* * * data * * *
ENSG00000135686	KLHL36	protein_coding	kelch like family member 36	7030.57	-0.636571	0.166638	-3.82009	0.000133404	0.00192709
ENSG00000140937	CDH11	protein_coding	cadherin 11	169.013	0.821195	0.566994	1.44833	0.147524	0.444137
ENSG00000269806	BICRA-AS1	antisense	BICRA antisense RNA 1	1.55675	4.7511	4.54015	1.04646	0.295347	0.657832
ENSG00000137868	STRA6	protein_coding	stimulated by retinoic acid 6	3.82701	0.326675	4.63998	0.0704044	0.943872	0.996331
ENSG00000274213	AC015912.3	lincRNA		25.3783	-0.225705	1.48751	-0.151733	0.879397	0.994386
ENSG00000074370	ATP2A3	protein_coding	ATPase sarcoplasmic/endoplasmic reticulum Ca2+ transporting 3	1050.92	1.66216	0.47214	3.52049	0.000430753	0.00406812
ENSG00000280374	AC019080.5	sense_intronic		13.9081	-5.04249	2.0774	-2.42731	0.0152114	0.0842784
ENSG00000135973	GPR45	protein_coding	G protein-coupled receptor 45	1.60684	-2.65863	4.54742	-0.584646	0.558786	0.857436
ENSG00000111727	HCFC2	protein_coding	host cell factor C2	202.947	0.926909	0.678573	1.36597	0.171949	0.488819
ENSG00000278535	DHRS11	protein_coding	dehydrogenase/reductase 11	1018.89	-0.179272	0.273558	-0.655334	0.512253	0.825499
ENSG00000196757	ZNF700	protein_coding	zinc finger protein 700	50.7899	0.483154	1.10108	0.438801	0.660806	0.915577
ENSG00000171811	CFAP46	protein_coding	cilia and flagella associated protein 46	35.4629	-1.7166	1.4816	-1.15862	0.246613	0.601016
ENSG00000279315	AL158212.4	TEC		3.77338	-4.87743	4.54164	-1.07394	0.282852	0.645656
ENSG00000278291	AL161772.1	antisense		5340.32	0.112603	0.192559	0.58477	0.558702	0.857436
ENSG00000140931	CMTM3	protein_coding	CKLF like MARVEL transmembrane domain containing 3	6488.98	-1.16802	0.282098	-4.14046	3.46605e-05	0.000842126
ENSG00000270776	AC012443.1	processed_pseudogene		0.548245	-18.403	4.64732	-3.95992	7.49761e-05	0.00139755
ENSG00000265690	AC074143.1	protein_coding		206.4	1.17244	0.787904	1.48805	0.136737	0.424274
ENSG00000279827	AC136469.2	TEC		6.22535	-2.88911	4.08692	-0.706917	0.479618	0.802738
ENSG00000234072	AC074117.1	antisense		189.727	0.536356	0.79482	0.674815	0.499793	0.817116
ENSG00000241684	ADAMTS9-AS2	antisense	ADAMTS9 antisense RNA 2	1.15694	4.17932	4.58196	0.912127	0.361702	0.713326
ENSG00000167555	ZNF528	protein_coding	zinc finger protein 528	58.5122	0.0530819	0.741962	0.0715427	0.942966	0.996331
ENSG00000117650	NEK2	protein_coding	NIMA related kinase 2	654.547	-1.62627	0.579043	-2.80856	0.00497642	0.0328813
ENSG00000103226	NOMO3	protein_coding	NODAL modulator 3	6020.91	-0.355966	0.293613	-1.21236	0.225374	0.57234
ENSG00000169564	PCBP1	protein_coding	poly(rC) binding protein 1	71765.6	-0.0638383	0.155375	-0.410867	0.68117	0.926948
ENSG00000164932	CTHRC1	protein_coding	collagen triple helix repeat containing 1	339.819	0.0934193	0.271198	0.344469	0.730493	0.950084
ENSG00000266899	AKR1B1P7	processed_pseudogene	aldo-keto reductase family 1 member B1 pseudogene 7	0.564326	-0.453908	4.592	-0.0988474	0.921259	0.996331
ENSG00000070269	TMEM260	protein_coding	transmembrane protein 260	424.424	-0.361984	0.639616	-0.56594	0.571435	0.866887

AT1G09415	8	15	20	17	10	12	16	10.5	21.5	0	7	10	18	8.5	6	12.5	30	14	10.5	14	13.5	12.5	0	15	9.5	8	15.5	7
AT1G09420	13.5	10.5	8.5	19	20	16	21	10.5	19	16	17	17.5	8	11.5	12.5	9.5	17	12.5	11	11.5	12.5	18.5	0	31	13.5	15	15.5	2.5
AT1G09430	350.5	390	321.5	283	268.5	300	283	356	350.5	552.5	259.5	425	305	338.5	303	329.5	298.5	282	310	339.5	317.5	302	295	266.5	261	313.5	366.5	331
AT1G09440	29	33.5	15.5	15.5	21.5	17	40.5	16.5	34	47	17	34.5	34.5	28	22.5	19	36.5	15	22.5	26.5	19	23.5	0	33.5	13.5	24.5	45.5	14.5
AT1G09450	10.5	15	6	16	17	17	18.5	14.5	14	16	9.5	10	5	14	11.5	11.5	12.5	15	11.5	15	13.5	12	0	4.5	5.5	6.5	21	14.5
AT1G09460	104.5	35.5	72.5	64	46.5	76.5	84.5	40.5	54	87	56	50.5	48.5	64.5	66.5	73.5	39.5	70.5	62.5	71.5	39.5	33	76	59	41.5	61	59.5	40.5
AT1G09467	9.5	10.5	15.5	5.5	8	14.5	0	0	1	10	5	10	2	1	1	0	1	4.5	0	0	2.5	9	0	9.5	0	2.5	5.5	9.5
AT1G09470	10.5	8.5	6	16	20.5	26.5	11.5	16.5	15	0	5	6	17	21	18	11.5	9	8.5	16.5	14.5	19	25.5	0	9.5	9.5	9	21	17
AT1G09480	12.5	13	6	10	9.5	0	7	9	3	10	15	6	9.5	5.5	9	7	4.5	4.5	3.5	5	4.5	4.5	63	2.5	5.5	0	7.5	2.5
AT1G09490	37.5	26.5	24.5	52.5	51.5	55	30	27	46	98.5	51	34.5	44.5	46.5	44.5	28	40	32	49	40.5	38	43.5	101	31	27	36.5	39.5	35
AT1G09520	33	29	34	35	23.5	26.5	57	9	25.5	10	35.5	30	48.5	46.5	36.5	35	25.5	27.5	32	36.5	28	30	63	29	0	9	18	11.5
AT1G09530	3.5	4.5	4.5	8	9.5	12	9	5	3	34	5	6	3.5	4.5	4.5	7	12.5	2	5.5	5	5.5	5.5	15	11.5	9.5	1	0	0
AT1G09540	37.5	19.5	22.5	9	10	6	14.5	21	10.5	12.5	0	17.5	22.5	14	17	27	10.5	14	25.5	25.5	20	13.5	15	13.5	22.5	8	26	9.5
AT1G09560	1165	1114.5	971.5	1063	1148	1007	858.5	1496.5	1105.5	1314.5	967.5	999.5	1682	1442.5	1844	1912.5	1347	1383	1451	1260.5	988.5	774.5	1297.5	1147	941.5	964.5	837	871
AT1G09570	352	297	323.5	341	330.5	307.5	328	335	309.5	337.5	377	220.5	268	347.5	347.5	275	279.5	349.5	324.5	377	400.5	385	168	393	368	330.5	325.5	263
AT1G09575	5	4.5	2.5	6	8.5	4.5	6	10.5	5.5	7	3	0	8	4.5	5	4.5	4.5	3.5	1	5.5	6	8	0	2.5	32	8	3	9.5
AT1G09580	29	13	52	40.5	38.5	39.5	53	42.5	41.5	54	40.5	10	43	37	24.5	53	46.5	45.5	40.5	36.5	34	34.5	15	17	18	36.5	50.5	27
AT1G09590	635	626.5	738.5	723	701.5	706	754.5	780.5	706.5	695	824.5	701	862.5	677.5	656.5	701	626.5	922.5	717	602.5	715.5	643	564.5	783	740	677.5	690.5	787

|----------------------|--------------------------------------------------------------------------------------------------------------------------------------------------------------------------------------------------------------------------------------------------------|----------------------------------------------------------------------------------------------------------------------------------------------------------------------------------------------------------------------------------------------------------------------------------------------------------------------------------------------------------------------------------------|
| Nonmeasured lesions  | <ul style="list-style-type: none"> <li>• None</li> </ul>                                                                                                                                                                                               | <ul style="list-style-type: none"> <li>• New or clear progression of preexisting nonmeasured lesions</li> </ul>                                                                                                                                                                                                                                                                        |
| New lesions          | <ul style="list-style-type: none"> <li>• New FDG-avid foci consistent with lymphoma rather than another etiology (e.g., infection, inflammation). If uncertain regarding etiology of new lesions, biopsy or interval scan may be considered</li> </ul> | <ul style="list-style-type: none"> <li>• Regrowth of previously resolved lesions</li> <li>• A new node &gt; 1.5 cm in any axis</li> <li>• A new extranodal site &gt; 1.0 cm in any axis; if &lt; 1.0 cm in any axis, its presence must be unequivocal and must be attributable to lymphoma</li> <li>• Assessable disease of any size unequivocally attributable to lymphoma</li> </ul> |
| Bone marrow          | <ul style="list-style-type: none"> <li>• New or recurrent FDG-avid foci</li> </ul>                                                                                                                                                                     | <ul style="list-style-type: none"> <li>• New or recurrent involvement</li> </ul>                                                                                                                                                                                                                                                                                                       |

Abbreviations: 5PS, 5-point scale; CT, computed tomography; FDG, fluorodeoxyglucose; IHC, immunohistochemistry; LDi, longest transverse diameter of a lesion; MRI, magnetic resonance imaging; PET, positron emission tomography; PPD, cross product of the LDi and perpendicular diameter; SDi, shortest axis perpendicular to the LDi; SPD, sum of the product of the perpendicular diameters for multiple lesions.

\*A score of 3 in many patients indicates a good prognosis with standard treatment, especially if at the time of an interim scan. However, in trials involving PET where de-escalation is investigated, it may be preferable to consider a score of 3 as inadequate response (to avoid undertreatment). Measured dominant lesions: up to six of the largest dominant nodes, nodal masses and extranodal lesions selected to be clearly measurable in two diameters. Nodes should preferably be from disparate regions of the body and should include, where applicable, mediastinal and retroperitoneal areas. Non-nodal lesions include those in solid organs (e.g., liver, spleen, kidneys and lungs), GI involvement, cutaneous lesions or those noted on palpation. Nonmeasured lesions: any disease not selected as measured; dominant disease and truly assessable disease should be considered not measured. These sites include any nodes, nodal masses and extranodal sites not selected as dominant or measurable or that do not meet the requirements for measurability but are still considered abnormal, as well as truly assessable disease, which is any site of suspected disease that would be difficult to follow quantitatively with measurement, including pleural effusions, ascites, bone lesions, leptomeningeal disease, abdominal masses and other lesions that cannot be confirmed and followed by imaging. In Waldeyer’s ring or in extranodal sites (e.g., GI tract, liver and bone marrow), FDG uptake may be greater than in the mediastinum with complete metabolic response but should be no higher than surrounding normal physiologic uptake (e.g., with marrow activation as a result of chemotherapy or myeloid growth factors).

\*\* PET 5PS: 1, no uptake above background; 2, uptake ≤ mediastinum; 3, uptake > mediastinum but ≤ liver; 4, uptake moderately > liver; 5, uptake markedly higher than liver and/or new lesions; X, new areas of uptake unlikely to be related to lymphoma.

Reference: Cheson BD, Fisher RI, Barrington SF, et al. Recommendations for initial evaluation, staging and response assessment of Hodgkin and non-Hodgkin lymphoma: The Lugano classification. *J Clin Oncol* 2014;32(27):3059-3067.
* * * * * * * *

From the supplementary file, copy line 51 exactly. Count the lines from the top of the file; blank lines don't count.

\*A score of 3 in many patients indicates a good prognosis with standard treatment, especially if at the time of an interim scan. However, in trials involving PET where de-escalation is investigated, it may be preferable to consider a score of 3 as inadequate response (to avoid undertreatment). Measured dominant lesions: up to six of the largest dominant nodes, nodal masses and extranodal lesions selected to be clearly measurable in two diameters. Nodes should preferably be from disparate regions of the body and should include, where applicable, mediastinal and retroperitoneal areas. Non-nodal lesions include those in solid organs (e.g., liver, spleen, kidneys and lungs), GI involvement, cutaneous lesions or those noted on palpation. Nonmeasured lesions: any disease not selected as measured; dominant disease and truly assessable disease should be considered not measured. These sites include any nodes, nodal masses and extranodal sites not selected as dominant or measurable or that do not meet the requirements for measurability but are still considered abnormal, as well as truly assessable disease, which is any site of suspected disease that would be difficult to follow quantitatively with measurement, including pleural effusions, ascites, bone lesions, leptomeningeal disease, abdominal masses and other lesions that cannot be confirmed and followed by imaging. In Waldeyer’s ring or in extranodal sites (e.g., GI tract, liver and bone marrow), FDG uptake may be greater than in the mediastinum with complete metabolic response but should be no higher than surrounding normal physiologic uptake (e.g., with marrow activation as a result of chemotherapy or myeloid growth factors).